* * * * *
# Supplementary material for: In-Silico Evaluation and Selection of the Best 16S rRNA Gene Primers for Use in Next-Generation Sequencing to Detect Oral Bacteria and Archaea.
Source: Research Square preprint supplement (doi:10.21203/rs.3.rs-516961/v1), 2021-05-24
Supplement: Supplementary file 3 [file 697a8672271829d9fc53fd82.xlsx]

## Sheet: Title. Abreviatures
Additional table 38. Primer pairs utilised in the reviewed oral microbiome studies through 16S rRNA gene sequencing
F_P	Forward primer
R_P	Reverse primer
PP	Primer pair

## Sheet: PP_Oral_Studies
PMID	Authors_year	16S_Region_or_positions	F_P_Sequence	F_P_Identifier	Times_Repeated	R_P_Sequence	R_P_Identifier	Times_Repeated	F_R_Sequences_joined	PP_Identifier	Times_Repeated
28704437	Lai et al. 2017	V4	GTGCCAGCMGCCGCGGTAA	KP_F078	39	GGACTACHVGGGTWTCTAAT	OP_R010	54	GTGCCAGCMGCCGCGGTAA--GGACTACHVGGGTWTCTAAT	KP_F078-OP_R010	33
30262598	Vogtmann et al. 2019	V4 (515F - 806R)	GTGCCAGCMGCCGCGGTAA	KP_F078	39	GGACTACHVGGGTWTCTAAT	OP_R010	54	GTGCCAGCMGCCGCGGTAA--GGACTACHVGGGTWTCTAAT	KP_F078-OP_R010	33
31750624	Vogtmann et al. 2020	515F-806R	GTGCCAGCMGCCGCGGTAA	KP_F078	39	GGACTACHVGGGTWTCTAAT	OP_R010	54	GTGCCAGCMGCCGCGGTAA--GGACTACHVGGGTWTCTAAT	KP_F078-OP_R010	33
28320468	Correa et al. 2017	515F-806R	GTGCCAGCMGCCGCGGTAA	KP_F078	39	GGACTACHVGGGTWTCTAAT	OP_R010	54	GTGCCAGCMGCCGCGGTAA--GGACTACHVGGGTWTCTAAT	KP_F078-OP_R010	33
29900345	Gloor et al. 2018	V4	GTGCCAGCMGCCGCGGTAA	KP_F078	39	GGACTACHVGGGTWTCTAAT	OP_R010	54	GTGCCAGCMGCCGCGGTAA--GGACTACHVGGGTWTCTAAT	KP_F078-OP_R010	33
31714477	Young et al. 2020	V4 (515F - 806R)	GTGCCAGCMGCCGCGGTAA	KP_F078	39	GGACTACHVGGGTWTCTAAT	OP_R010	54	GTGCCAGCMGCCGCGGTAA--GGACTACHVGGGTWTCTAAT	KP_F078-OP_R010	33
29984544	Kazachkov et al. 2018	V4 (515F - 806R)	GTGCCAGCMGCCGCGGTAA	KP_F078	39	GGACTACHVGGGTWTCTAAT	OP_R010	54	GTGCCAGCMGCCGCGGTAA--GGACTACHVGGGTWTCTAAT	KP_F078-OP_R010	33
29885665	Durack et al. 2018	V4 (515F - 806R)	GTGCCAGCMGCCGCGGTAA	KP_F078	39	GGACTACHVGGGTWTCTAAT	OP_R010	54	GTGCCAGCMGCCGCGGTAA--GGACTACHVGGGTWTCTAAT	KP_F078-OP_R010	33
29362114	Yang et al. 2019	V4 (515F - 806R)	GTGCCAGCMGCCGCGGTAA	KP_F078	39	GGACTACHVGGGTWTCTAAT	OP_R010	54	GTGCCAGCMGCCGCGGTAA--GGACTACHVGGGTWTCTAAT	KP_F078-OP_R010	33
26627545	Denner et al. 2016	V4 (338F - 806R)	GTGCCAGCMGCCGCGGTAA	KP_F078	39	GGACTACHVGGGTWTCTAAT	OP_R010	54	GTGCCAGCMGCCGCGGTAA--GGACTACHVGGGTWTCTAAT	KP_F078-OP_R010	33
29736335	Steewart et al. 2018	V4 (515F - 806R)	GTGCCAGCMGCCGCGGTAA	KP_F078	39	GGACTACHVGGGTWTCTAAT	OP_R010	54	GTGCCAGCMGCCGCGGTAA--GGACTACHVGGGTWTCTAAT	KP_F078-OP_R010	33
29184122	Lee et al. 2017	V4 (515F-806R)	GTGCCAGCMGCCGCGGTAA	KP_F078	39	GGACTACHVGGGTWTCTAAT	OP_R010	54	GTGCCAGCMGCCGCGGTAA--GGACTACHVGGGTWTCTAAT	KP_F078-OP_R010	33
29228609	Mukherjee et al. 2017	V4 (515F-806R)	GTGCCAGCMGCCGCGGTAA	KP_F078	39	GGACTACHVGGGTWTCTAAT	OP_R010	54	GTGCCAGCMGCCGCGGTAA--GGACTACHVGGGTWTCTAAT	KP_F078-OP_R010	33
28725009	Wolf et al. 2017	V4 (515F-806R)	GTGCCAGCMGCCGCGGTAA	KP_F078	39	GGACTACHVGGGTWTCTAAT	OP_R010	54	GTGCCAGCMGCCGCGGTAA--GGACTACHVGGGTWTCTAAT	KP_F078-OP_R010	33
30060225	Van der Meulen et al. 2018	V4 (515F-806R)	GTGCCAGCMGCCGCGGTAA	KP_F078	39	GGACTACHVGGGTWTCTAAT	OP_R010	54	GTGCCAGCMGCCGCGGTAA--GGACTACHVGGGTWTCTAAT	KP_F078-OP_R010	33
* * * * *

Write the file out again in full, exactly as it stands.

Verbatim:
# Supplementary material for: In-Silico Evaluation and Selection of the Best 16S rRNA Gene Primers for Use in Next-Generation Sequencing to Detect Oral Bacteria and Archaea.
Source: Research Square preprint supplement (doi:10.21203/rs.3.rs-516961/v1), 2021-05-24
Supplement: Supplementary file 3 [file 697a8672271829d9fc53fd82.xlsx]

## Sheet: Title. Abreviatures
Additional table 38. Primer pairs utilised in the reviewed oral microbiome studies through 16S rRNA gene sequencing
F_P	Forward primer
R_P	Reverse primer
PP	Primer pair

## Sheet: PP_Oral_Studies
PMID	Authors_year	16S_Region_or_positions	F_P_Sequence	F_P_Identifier	Times_Repeated	R_P_Sequence	R_P_Identifier	Times_Repeated	F_R_Sequences_joined	PP_Identifier	Times_Repeated
28704437	Lai et al. 2017	V4	GTGCCAGCMGCCGCGGTAA	KP_F078	39	GGACTACHVGGGTWTCTAAT	OP_R010	54	GTGCCAGCMGCCGCGGTAA--GGACTACHVGGGTWTCTAAT	KP_F078-OP_R010	33
30262598	Vogtmann et al. 2019	V4 (515F - 806R)	GTGCCAGCMGCCGCGGTAA	KP_F078	39	GGACTACHVGGGTWTCTAAT	OP_R010	54	GTGCCAGCMGCCGCGGTAA--GGACTACHVGGGTWTCTAAT	KP_F078-OP_R010	33
31750624	Vogtmann et al. 2020	515F-806R	GTGCCAGCMGCCGCGGTAA	KP_F078	39	GGACTACHVGGGTWTCTAAT	OP_R010	54	GTGCCAGCMGCCGCGGTAA--GGACTACHVGGGTWTCTAAT	KP_F078-OP_R010	33
28320468	Correa et al. 2017	515F-806R	GTGCCAGCMGCCGCGGTAA	KP_F078	39	GGACTACHVGGGTWTCTAAT	OP_R010	54	GTGCCAGCMGCCGCGGTAA--GGACTACHVGGGTWTCTAAT	KP_F078-OP_R010	33
29900345	Gloor et al. 2018	V4	GTGCCAGCMGCCGCGGTAA	KP_F078	39	GGACTACHVGGGTWTCTAAT	OP_R010	54	GTGCCAGCMGCCGCGGTAA--GGACTACHVGGGTWTCTAAT	KP_F078-OP_R010	33
31714477	Young et al. 2020	V4 (515F - 806R)	GTGCCAGCMGCCGCGGTAA	KP_F078	39	GGACTACHVGGGTWTCTAAT	OP_R010	54	GTGCCAGCMGCCGCGGTAA--GGACTACHVGGGTWTCTAAT	KP_F078-OP_R010	33
29984544	Kazachkov et al. 2018	V4 (515F - 806R)	GTGCCAGCMGCCGCGGTAA	KP_F078	39	GGACTACHVGGGTWTCTAAT	OP_R010	54	GTGCCAGCMGCCGCGGTAA--GGACTACHVGGGTWTCTAAT	KP_F078-OP_R010	33
29885665	Durack et al. 2018	V4 (515F - 806R)	GTGCCAGCMGCCGCGGTAA	KP_F078	39	GGACTACHVGGGTWTCTAAT	OP_R010	54	GTGCCAGCMGCCGCGGTAA--GGACTACHVGGGTWTCTAAT	KP_F078-OP_R010	33
29362114	Yang et al. 2019	V4 (515F - 806R)	GTGCCAGCMGCCGCGGTAA	KP_F078	39	GGACTACHVGGGTWTCTAAT	OP_R010	54	GTGCCAGCMGCCGCGGTAA--GGACTACHVGGGTWTCTAAT	KP_F078-OP_R010	33
26627545	Denner et al. 2016	V4 (338F - 806R)	GTGCCAGCMGCCGCGGTAA	KP_F078	39	GGACTACHVGGGTWTCTAAT	OP_R010	54	GTGCCAGCMGCCGCGGTAA--GGACTACHVGGGTWTCTAAT	KP_F078-OP_R010	33
29736335	Steewart et al. 2018	V4 (515F - 806R)	GTGCCAGCMGCCGCGGTAA	KP_F078	39	GGACTACHVGGGTWTCTAAT	OP_R010	54	GTGCCAGCMGCCGCGGTAA--GGACTACHVGGGTWTCTAAT	KP_F078-OP_R010	33
29184122	Lee et al. 2017	V4 (515F-806R)	GTGCCAGCMGCCGCGGTAA	KP_F078	39	GGACTACHVGGGTWTCTAAT	OP_R010	54	GTGCCAGCMGCCGCGGTAA--GGACTACHVGGGTWTCTAAT	KP_F078-OP_R010	33
29228609	Mukherjee et al. 2017	V4 (515F-806R)	GTGCCAGCMGCCGCGGTAA	KP_F078	39	GGACTACHVGGGTWTCTAAT	OP_R010	54	GTGCCAGCMGCCGCGGTAA--GGACTACHVGGGTWTCTAAT	KP_F078-OP_R010	33
28725009	Wolf et al. 2017	V4 (515F-806R)	GTGCCAGCMGCCGCGGTAA	KP_F078	39	GGACTACHVGGGTWTCTAAT	OP_R010	54	GTGCCAGCMGCCGCGGTAA--GGACTACHVGGGTWTCTAAT	KP_F078-OP_R010	33
30060225	Van der Meulen et al. 2018	V4 (515F-806R)	GTGCCAGCMGCCGCGGTAA	KP_F078	39	GGACTACHVGGGTWTCTAAT	OP_R010	54	GTGCCAGCMGCCGCGGTAA--GGACTACHVGGGTWTCTAAT	KP_F078-OP_R010	33